• Windrows and brush piles cannot be more than 6 metres wide.

    • To allow for a cleaner burn, ensure you reduce the amount of soil and dirt in your windrows and brush piles. Clean burning reduces smoke issues and smouldering fires. A smouldering fire can last for months and can emerge as a wildfire when the weather turns warm.

    • Never leave a burning brush pile or windrow unattended. 

    • Only burn what you are able to control.

    • Follow the conditions of your permit and have it on hand if questioned.

    • Watch for sparks and burning material that can cause smaller fires.

    • Check the weather! Don’t start burning if it’s going to be a windy day. And if you have started burning and wind speeds are over 15 km/hr immediately extinguish your fire.

    • Have the tools and equipment listed on your permit close by to put out any spot fires that may occur.

  • Burning Barrels

    • If using a burning barrel, use it later in the evening when the temperature is cooler and the wind calmer. 

    • Never leave it unattended.

    • Cover barrel with a 6mm or smaller metal screen to reduce the risk of flying sparks.

    • Position the barrel on exposed soil.

    • Keep the area clear of combustible materials by a minimum of 3 metres.

    • Never burn preserved wood, material from vehicles or tires, rubber, plastic, petroleum-based products such as Styrofoam, manure, pathological, asphalt shingles or material that is prohibited.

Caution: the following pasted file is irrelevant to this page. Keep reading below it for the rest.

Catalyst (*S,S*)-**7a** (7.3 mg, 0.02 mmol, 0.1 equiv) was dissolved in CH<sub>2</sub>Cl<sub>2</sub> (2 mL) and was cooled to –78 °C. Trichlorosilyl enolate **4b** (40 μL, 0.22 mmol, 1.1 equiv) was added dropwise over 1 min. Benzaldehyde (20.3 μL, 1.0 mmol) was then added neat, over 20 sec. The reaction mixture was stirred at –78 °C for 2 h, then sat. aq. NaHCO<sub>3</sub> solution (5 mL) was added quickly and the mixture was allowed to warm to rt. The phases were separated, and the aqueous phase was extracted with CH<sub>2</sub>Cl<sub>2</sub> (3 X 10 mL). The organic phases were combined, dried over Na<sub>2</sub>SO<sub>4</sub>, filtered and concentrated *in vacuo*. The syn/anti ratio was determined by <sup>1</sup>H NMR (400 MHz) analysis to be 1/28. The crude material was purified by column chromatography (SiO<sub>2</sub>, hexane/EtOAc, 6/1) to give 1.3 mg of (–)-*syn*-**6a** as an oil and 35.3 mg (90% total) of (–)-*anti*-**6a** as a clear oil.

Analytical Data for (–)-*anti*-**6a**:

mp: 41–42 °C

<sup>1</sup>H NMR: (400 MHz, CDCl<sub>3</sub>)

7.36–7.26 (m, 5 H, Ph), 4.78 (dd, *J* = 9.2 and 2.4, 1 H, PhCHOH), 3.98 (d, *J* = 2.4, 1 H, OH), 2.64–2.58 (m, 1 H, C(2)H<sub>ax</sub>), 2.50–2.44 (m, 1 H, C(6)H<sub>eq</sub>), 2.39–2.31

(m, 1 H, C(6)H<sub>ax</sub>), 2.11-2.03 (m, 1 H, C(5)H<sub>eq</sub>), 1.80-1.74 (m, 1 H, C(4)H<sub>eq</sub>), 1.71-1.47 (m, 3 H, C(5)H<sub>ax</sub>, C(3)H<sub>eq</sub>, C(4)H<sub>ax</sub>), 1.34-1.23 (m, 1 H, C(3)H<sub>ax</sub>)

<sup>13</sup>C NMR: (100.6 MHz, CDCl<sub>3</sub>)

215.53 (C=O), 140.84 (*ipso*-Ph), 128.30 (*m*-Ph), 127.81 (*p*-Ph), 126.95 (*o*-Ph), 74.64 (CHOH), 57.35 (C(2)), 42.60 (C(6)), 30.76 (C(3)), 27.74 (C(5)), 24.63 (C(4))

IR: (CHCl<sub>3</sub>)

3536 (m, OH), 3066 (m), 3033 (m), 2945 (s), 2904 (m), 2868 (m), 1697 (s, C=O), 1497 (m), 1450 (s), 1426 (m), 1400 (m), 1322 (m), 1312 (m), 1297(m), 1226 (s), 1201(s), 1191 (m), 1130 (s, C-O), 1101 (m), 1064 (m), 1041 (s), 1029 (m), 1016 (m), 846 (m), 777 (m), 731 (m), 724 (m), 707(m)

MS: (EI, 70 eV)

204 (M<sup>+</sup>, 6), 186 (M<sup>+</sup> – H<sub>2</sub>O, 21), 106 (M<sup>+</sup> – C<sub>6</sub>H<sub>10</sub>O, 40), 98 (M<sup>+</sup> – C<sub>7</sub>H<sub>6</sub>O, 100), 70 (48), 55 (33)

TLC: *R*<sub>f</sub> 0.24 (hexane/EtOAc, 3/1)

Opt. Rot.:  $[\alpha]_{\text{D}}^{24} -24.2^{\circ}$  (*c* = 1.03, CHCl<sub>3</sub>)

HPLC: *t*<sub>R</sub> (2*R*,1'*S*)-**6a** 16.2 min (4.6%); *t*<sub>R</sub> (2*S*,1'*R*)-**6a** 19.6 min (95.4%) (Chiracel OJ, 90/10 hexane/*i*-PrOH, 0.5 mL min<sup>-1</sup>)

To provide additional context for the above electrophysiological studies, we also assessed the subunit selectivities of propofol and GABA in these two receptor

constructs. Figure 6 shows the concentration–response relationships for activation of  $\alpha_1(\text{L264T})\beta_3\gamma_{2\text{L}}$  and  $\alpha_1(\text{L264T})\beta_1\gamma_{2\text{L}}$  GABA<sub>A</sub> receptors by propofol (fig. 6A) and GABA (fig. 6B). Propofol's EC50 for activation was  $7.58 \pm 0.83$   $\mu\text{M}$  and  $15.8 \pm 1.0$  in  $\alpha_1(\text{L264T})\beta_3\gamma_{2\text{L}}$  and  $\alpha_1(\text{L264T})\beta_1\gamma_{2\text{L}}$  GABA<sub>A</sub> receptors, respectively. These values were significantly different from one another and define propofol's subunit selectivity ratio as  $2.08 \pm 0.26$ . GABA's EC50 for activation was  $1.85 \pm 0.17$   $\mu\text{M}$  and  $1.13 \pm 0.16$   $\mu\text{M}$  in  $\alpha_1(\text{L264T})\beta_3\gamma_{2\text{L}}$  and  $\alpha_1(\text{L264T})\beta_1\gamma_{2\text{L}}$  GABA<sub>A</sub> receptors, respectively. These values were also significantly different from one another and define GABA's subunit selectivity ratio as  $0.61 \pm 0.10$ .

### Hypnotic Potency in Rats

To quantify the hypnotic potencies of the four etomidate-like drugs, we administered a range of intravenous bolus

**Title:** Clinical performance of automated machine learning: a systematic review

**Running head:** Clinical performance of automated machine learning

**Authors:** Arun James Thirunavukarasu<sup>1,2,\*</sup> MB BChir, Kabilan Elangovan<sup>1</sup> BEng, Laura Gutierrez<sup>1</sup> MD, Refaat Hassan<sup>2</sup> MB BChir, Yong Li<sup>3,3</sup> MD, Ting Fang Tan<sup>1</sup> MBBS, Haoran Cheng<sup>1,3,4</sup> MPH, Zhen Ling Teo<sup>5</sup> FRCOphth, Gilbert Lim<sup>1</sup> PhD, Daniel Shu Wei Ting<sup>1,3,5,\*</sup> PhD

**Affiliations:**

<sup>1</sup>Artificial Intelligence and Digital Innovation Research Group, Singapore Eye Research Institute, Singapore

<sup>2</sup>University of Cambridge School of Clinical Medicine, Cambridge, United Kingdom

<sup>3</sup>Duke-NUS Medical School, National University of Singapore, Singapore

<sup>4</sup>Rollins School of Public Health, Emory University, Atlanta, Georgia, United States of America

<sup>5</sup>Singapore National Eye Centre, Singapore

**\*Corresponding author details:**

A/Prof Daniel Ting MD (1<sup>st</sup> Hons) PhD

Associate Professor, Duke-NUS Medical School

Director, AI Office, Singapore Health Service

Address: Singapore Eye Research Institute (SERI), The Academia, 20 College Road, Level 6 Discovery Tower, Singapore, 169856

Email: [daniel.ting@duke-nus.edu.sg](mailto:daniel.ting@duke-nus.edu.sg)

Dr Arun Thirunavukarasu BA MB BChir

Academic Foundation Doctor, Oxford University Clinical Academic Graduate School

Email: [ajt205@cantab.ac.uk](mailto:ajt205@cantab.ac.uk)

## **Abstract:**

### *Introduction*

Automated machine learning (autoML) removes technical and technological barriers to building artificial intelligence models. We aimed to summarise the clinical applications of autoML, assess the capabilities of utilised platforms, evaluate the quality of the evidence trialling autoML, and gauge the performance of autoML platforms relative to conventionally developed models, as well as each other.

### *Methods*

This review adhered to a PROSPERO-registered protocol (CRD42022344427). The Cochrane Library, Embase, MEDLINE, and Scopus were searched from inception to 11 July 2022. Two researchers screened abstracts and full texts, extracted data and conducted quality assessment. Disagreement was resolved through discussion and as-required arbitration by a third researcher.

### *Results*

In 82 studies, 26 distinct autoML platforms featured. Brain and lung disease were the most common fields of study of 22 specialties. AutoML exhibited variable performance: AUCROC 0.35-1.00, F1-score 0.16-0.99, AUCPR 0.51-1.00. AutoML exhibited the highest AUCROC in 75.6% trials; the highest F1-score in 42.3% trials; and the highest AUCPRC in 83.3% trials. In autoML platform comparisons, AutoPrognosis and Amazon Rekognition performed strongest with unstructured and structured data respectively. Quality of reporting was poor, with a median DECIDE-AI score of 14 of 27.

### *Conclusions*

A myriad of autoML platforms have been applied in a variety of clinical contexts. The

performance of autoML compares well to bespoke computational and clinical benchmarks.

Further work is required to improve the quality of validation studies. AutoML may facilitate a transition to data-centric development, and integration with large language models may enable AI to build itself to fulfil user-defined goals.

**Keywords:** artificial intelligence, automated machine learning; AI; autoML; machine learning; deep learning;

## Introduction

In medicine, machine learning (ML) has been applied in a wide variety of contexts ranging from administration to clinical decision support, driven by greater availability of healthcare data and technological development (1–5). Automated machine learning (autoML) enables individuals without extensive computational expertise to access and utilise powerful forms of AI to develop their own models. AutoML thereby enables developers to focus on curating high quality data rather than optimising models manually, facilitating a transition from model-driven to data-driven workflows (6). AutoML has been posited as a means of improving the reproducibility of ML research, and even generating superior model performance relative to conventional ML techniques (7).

• Off Highway Vehicles (OHV)

    • OHV exhaust systems can get hotter than 200° celsius and cause grass, muskeg, moss or other debris to heat up, smoulder, and ignite.

    • Before riding, clean out the hot spots and remove debris from your machine.

    • After riding through tall grass or muskeg remove any buildup.

    • Carry firefighting equipment such as a small shovel, pail, or even a fire extinguisher.

    • Wash your OHV and keep it clean, but DON’T wash it in creeks or streams!

    • Make sure your muffler and spark arrestor are in proper working order.

    • Take breaks frequently and knock off any debris especially on hot spots.

  • Campfires

    • When outside of a campground make sure sites are clear of dry grass, bushes, leaves, branches, tree trunks, peat moss, and overhanging branches.

    • Use the same campfire that previous campers used.

    • Build your campfire on level ground that is sheltered from the wind.

    • If you can’t build a fire by a water source, make sure a container of water is nearby.

    • Remember: SOAK IT. STIR IT. SOAK IT AGAIN.

    • Your fire is not out until it is cool to the touch.

    • Winter campfires can start a wildfire just as quick! Never assume the snow will put it out! SOAK IT. STIR IT. SOAK IT AGAIN until it is cool to the touch.

  • Fireworks and Exploding Targets

    • Fireworks within the Forest Protection Area are prohibited without written permission from a Forest Officer!

    • Check the fire ban is the area that you would like to use fireworks. Is it permitted? Do you require a permit or permission?

Let’s take care of our forests, the wild animals, small-town Alberta, our First Nations Communities, and our Agriculture community. This summer, let’s all take precautions to stop wildfires by doing our part to ensure the safety of our province.

The birds are singing, and the trees are just shy from budding new leaves—spring is here! Because Mother Nature graciously gave us a very warm winter with little snow, Alberta already has wildfires and warnings throughout the province.

© 2022 Northern Weldarc Ltd. All Rights Reserved.
Privacy Policy